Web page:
Before we get on to discussing whether your business should or shouldn’t be on the Flat Rate VAT Scheme, let us first talk about what this scheme is all about.
Simply put, the Flat Rate VAT Scheme is a tax scheme designed by the United Kingdom government to simplify the sales and purchase records of small business owners. It allows you to apply a fixed flat rate percentage to the gross turnover to calculate the VAT due to your business and payable to HM Revenue & Customs (HMRC). The fixed-rate percentage varies for every type of business.
Now that we have that out of our way let’s discuss whether your small business should be on the Flat Rate VAT Scheme or not.
Who is eligible for the Flat Rate VAT Scheme?
In order to qualify and to join the Flat Rate VAT Scheme, your business’s VATable turnover must be £150,000 or less. During your first year on the scheme, a further 1% reduction can also be made from the fixed rate.
If your turnover is more than £230,000, including VAT, you would have to leave the scheme. You may start out on the Flat Rate Scheme and eventually switch to the Standard Rate when your business’s turnover changes or when you find that it would be better to claim back the VAT on your purchases.
Advantages of Being on the Flat Rate VAT Scheme
The most obvious advantage of using the Flat Rate Scheme is the amount of time you save on record-keeping, which allows for smoother monitoring of your business’s cash flow. This is because, under the scheme, you won’t have to record the VAT you charge on every sale and purchase, and you won’t also need to show VAT separately on your invoices.
In addition, there are also fewer rules to follow on the Flat Rate Scheme since you don’t have to work out which VAT on purchases you can and can’t reclaim. This means fewer mistakes for you, fewer worries, and you can be certain whenever you’re computing your VAT because you always know which percentage of your takings you will need to pay to HMRC.
Potential Disadvantages of Being on the Flat Rate VAT Scheme
However, just like any other schemes, there are also potential disadvantages of using the Flat Rate Scheme. It would be best if you remembered that the fixed-rate percentages are calculated without taking into consideration any zero-rated and exempt sales. Besides, there is also an allowance for the VAT that a business is allowed to spend on their purchases.
These are the reasons why the Flat Rate Scheme is not recommended for businesses that purchase mostly standard-rate items because VAT cannot be reclaimed on these purchases, businesses that regularly receive VAT repayment under the Standard VAT accounting, and businesses that make a lot of zero-rated or exempt sales.
3 Possible Expenses to Look into Before Applying to be in the Flat Rate VAT Scheme
Suppose you are seriously considering joining the Flat Rate Scheme for your business. In that case, we advise that you first go through your sales and purchases in the past 12 months, calculate the VAT remittances you would possibly have under the Flat Rate Scheme, and compare the amount with what you have actually paid. Evaluate the difference between the two amounts if this is worthwhile. Just remember that you should add 20% VAT to your turnover before applying the fixed-rate percentage.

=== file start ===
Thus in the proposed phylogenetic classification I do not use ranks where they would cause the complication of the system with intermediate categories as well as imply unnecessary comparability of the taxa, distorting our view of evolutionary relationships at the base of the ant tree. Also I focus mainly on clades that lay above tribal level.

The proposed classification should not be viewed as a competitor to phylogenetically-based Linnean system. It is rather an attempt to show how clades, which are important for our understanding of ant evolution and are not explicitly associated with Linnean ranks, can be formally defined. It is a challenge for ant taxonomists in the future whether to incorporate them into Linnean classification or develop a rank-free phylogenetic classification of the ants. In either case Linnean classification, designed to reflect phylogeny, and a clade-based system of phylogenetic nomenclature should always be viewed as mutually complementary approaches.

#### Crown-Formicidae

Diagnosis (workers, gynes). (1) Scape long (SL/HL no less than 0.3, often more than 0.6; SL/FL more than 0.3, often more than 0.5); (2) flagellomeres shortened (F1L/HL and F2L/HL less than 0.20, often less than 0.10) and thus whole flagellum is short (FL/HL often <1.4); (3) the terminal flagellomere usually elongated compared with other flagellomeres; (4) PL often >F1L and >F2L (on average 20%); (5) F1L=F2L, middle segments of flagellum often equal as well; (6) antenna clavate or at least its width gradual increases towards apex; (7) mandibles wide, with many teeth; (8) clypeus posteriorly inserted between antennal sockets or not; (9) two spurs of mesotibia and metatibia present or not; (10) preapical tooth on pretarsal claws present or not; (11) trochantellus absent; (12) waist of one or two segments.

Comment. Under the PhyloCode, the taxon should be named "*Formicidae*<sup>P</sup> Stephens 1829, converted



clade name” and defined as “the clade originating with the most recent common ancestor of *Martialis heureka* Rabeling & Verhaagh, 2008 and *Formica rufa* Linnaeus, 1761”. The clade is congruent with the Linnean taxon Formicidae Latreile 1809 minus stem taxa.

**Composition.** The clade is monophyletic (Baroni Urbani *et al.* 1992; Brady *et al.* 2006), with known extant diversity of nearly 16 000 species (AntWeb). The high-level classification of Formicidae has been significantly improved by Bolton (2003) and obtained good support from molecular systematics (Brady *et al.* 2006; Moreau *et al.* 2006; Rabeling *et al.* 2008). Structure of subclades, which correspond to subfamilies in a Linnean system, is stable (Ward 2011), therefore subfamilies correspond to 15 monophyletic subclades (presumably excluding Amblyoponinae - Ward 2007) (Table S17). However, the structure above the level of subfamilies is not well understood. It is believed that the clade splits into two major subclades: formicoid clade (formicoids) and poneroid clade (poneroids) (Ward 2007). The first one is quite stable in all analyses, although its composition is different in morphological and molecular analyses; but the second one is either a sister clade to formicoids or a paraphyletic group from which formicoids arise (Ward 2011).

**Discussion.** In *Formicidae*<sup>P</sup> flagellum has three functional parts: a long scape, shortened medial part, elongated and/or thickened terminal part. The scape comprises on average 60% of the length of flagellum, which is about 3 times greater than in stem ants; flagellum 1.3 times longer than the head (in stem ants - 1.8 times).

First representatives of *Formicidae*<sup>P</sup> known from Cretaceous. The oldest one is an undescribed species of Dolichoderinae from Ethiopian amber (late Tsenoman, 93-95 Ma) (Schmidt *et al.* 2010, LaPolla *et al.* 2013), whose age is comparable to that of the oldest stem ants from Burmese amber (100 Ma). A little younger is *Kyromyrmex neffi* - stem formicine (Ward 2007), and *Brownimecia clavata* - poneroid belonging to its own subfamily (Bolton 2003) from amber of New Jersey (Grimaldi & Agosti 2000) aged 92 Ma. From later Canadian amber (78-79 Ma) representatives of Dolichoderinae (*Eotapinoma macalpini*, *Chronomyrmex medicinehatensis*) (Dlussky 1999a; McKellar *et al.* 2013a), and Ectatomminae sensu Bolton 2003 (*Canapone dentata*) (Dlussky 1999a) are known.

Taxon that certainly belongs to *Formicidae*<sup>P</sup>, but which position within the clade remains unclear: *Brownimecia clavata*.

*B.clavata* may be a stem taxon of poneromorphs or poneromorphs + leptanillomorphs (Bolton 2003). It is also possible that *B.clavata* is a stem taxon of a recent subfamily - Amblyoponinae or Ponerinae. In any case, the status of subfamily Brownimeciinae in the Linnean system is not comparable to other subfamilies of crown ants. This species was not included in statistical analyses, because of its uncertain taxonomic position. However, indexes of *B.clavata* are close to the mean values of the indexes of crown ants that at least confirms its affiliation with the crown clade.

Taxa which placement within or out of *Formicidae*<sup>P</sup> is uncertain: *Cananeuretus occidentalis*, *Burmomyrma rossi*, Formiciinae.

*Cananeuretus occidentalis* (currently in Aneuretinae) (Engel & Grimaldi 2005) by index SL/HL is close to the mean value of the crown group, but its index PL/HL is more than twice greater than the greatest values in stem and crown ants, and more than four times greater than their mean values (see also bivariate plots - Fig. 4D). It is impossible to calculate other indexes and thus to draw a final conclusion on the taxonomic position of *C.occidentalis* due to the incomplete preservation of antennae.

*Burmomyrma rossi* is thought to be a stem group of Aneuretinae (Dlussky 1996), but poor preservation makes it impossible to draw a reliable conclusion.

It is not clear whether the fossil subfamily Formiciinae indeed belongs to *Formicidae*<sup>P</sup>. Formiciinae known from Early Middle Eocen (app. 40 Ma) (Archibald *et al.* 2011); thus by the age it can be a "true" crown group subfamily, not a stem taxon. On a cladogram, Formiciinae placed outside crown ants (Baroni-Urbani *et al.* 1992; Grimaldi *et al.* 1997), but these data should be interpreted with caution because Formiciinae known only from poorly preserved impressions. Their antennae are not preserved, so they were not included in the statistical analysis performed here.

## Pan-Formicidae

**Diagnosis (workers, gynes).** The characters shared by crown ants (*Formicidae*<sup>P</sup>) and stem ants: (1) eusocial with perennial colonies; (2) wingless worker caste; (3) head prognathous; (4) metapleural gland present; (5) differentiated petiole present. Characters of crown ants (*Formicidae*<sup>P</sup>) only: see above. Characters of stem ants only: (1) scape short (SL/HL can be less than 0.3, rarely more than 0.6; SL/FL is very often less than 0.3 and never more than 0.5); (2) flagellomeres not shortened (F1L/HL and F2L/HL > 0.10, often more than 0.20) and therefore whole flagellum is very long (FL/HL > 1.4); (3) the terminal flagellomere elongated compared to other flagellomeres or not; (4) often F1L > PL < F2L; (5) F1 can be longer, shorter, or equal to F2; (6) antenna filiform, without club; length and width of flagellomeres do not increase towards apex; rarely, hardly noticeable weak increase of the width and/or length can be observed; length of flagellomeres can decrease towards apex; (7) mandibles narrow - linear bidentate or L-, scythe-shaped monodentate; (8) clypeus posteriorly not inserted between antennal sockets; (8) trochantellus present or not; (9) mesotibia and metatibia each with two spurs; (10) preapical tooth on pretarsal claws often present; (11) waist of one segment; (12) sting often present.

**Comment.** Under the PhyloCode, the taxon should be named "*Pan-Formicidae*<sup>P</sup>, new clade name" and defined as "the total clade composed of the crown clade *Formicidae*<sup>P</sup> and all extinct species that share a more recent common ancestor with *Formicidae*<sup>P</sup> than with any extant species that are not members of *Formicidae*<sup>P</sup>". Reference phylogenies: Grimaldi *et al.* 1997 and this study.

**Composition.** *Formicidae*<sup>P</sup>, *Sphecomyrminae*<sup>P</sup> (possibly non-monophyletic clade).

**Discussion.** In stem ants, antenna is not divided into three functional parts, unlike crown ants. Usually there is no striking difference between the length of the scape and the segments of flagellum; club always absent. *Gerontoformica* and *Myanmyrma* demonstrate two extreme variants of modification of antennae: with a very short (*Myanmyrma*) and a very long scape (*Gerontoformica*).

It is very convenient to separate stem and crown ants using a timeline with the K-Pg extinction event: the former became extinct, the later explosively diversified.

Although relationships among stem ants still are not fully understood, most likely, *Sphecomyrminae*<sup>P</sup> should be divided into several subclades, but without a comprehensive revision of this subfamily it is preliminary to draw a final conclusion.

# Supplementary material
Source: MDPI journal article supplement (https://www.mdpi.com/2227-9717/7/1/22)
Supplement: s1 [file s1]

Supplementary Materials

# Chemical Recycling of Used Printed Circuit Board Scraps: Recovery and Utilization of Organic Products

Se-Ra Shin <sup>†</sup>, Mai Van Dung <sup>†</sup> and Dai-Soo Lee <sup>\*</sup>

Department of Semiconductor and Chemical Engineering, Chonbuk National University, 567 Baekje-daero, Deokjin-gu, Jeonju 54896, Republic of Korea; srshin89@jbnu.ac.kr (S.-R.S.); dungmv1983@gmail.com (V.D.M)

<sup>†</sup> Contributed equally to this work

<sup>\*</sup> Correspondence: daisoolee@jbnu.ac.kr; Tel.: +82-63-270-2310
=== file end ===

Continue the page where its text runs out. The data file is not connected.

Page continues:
You should also look into your plans for your business, including possible business expansion and purchases for the year, so you can avoid these common wasteful mistakes. Here are the following expenses you should take note of as you plan ahead:
Capital Expenditure is the amount you spend on goods that you are going to use for your business for a period of time. Examples of this are equipment and materials that will be used or will be purchased for your business. Under the Flat Rate Scheme, you will not be able to claim input VAT on any equipment purchase unless the value of each purchase exceeds £2,000. So if you’re planning to buy equipment that costs £1,500, you won’t be able to claim the VAT for this under the Flat Rate Scheme.
If you are planning to employ, let’s say, a builder for your business expansion, even when he includes the cost of materials in the final bill and the costs exceed £2,000, no VAT is still claimable under this scheme. However, if you were under the normal VAT scheme, this is claimable.
If you have rental income, it is classed as business income because it exploits land for profit. Under the Flat Rate Scheme, the flat rate percentage would also apply to it. However, under the normal VAT scheme, this income would be exempt, which makes joining the Flat Rate Scheme just wasteful for your business.
Cars Owned by the Business
In most cases, it is best for cars to be owned privately. When a business buys a car, no VAT can be claimed. The sale of cars would also not be subject to output tax under the normal VAT scheme. However, under the Flat Rate Scheme, the sale of a car would count as a turnover, and the flat rate percentage has to apply to it, which will end up being costlier for your business.
Should your business apply to be in the Flat Rate Scheme? The answer used to be a simple yes. However, it is recommended that before you apply for this scheme, you first go over your business’s sales and purchases in the past year and take into consideration any purchase you are planning to make for your business in the next year.
There are cases when the Flat Rate VAT Scheme is beneficial for your business, but there are also other cases when joining the scheme would just end up being wasteful for your business.